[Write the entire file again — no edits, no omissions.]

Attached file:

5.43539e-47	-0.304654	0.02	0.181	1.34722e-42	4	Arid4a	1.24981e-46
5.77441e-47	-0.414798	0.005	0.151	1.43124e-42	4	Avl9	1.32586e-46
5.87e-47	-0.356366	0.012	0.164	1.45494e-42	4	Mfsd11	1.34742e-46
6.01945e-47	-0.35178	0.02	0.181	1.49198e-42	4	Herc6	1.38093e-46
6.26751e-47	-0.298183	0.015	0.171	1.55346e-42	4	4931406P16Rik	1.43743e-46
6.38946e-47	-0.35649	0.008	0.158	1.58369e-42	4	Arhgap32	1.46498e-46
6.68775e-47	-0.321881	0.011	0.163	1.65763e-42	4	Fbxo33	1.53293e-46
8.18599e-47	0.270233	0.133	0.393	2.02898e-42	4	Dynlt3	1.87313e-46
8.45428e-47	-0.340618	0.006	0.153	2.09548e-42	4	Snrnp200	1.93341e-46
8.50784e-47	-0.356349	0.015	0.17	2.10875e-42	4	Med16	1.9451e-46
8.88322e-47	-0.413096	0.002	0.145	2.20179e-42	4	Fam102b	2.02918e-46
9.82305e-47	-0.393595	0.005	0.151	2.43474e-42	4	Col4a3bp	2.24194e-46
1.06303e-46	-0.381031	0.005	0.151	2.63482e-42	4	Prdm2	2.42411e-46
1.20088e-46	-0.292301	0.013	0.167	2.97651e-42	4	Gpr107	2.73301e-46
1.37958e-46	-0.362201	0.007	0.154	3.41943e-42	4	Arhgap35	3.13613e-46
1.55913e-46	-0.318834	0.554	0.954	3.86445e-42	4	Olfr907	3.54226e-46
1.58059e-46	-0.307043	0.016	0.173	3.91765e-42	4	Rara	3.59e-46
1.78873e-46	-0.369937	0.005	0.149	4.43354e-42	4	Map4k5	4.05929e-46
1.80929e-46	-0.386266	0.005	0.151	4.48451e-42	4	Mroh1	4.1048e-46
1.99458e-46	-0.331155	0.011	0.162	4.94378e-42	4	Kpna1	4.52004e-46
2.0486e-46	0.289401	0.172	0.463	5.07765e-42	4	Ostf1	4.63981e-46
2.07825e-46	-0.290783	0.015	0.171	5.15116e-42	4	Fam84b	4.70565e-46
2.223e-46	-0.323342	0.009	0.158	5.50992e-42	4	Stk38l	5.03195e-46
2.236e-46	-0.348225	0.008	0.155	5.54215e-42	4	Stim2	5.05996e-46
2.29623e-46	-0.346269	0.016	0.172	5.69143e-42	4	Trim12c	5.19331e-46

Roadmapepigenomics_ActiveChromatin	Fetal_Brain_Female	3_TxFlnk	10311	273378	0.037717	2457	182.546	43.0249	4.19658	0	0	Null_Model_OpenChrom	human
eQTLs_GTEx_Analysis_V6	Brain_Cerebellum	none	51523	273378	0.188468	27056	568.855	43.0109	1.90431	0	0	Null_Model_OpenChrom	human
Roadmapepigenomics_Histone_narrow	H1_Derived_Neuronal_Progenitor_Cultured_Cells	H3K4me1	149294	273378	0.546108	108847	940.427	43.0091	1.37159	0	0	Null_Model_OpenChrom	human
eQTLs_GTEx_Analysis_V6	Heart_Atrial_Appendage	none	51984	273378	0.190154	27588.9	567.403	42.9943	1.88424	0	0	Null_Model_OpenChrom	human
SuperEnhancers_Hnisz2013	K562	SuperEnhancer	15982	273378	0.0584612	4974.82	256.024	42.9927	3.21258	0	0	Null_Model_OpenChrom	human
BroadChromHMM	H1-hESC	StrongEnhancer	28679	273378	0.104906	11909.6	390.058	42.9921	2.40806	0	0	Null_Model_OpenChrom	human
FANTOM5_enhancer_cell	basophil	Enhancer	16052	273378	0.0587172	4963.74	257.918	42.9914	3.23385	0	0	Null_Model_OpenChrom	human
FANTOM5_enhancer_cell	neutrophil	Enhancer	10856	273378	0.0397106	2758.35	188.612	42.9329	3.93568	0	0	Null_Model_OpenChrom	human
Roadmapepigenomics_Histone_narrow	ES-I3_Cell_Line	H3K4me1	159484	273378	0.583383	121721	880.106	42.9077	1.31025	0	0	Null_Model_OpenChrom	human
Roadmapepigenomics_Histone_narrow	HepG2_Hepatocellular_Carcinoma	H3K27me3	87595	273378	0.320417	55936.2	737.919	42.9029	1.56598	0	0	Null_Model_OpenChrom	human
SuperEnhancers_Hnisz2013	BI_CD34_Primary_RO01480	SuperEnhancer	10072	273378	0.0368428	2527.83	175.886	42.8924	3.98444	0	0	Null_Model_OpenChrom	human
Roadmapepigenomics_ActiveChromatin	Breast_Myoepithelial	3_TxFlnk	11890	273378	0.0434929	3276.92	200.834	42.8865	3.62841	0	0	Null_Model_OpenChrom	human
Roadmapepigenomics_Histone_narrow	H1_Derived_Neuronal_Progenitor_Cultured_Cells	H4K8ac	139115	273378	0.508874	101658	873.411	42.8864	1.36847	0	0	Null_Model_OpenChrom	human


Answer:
5.43539e-47	-0.304654	0.02	0.181	1.34722e-42	4	Arid4a	1.24981e-46
5.77441e-47	-0.414798	0.005	0.151	1.43124e-42	4	Avl9	1.32586e-46
5.87e-47	-0.356366	0.012	0.164	1.45494e-42	4	Mfsd11	1.34742e-46
6.01945e-47	-0.35178	0.02	0.181	1.49198e-42	4	Herc6	1.38093e-46
6.26751e-47	-0.298183	0.015	0.171	1.55346e-42	4	4931406P16Rik	1.43743e-46
6.38946e-47	-0.35649	0.008	0.158	1.58369e-42	4	Arhgap32	1.46498e-46
6.68775e-47	-0.321881	0.011	0.163	1.65763e-42	4	Fbxo33	1.53293e-46
8.18599e-47	0.270233	0.133	0.393	2.02898e-42	4	Dynlt3	1.87313e-46
8.45428e-47	-0.340618	0.006	0.153	2.09548e-42	4	Snrnp200	1.93341e-46
8.50784e-47	-0.356349	0.015	0.17	2.10875e-42	4	Med16	1.9451e-46
8.88322e-47	-0.413096	0.002	0.145	2.20179e-42	4	Fam102b	2.02918e-46
9.82305e-47	-0.393595	0.005	0.151	2.43474e-42	4	Col4a3bp	2.24194e-46
1.06303e-46	-0.381031	0.005	0.151	2.63482e-42	4	Prdm2	2.42411e-46
1.20088e-46	-0.292301	0.013	0.167	2.97651e-42	4	Gpr107	2.73301e-46
1.37958e-46	-0.362201	0.007	0.154	3.41943e-42	4	Arhgap35	3.13613e-46
1.55913e-46	-0.318834	0.554	0.954	3.86445e-42	4	Olfr907	3.54226e-46
1.58059e-46	-0.307043	0.016	0.173	3.91765e-42	4	Rara	3.59e-46
1.78873e-46	-0.369937	0.005	0.149	4.43354e-42	4	Map4k5	4.05929e-46
1.80929e-46	-0.386266	0.005	0.151	4.48451e-42	4	Mroh1	4.1048e-46
1.99458e-46	-0.331155	0.011	0.162	4.94378e-42	4	Kpna1	4.52004e-46
2.0486e-46	0.289401	0.172	0.463	5.07765e-42	4	Ostf1	4.63981e-46
2.07825e-46	-0.290783	0.015	0.171	5.15116e-42	4	Fam84b	4.70565e-46
2.223e-46	-0.323342	0.009	0.158	5.50992e-42	4	Stk38l	5.03195e-46
2.236e-46	-0.348225	0.008	0.155	5.54215e-42	4	Stim2	5.05996e-46
2.29623e-46	-0.346269	0.016	0.172	5.69143e-42	4	Trim12c	5.19331e-46

Roadmapepigenomics_ActiveChromatin	Fetal_Brain_Female	3_TxFlnk	10311	273378	0.037717	2457	182.546	43.0249	4.19658	0	0	Null_Model_OpenChrom	human
eQTLs_GTEx_Analysis_V6	Brain_Cerebellum	none	51523	273378	0.188468	27056	568.855	43.0109	1.90431	0	0	Null_Model_OpenChrom	human
Roadmapepigenomics_Histone_narrow	H1_Derived_Neuronal_Progenitor_Cultured_Cells	H3K4me1	149294	273378	0.546108	108847	940.427	43.0091	1.37159	0	0	Null_Model_OpenChrom	human
eQTLs_GTEx_Analysis_V6	Heart_Atrial_Appendage	none	51984	273378	0.190154	27588.9	567.403	42.9943	1.88424	0	0	Null_Model_OpenChrom	human
SuperEnhancers_Hnisz2013	K562	SuperEnhancer	15982	273378	0.0584612	4974.82	256.024	42.9927	3.21258	0	0	Null_Model_OpenChrom	human
BroadChromHMM	H1-hESC	StrongEnhancer	28679	273378	0.104906	11909.6	390.058	42.9921	2.40806	0	0	Null_Model_OpenChrom	human
FANTOM5_enhancer_cell	basophil	Enhancer	16052	273378	0.0587172	4963.74	257.918	42.9914	3.23385	0	0	Null_Model_OpenChrom	human
FANTOM5_enhancer_cell	neutrophil	Enhancer	10856	273378	0.0397106	2758.35	188.612	42.9329	3.93568	0	0	Null_Model_OpenChrom	human
Roadmapepigenomics_Histone_narrow	ES-I3_Cell_Line	H3K4me1	159484	273378	0.583383	121721	880.106	42.9077	1.31025	0	0	Null_Model_OpenChrom	human
Roadmapepigenomics_Histone_narrow	HepG2_Hepatocellular_Carcinoma	H3K27me3	87595	273378	0.320417	55936.2	737.919	42.9029	1.56598	0	0	Null_Model_OpenChrom	human
SuperEnhancers_Hnisz2013	BI_CD34_Primary_RO01480	SuperEnhancer	10072	273378	0.0368428	2527.83	175.886	42.8924	3.98444	0	0	Null_Model_OpenChrom	human
Roadmapepigenomics_ActiveChromatin	Breast_Myoepithelial	3_TxFlnk	11890	273378	0.0434929	3276.92	200.834	42.8865	3.62841	0	0	Null_Model_OpenChrom	human
Roadmapepigenomics_Histone_narrow	H1_Derived_Neuronal_Progenitor_Cultured_Cells	H4K8ac	139115	273378	0.508874	101658	873.411	42.8864	1.36847	0	0	Null_Model_OpenChrom	human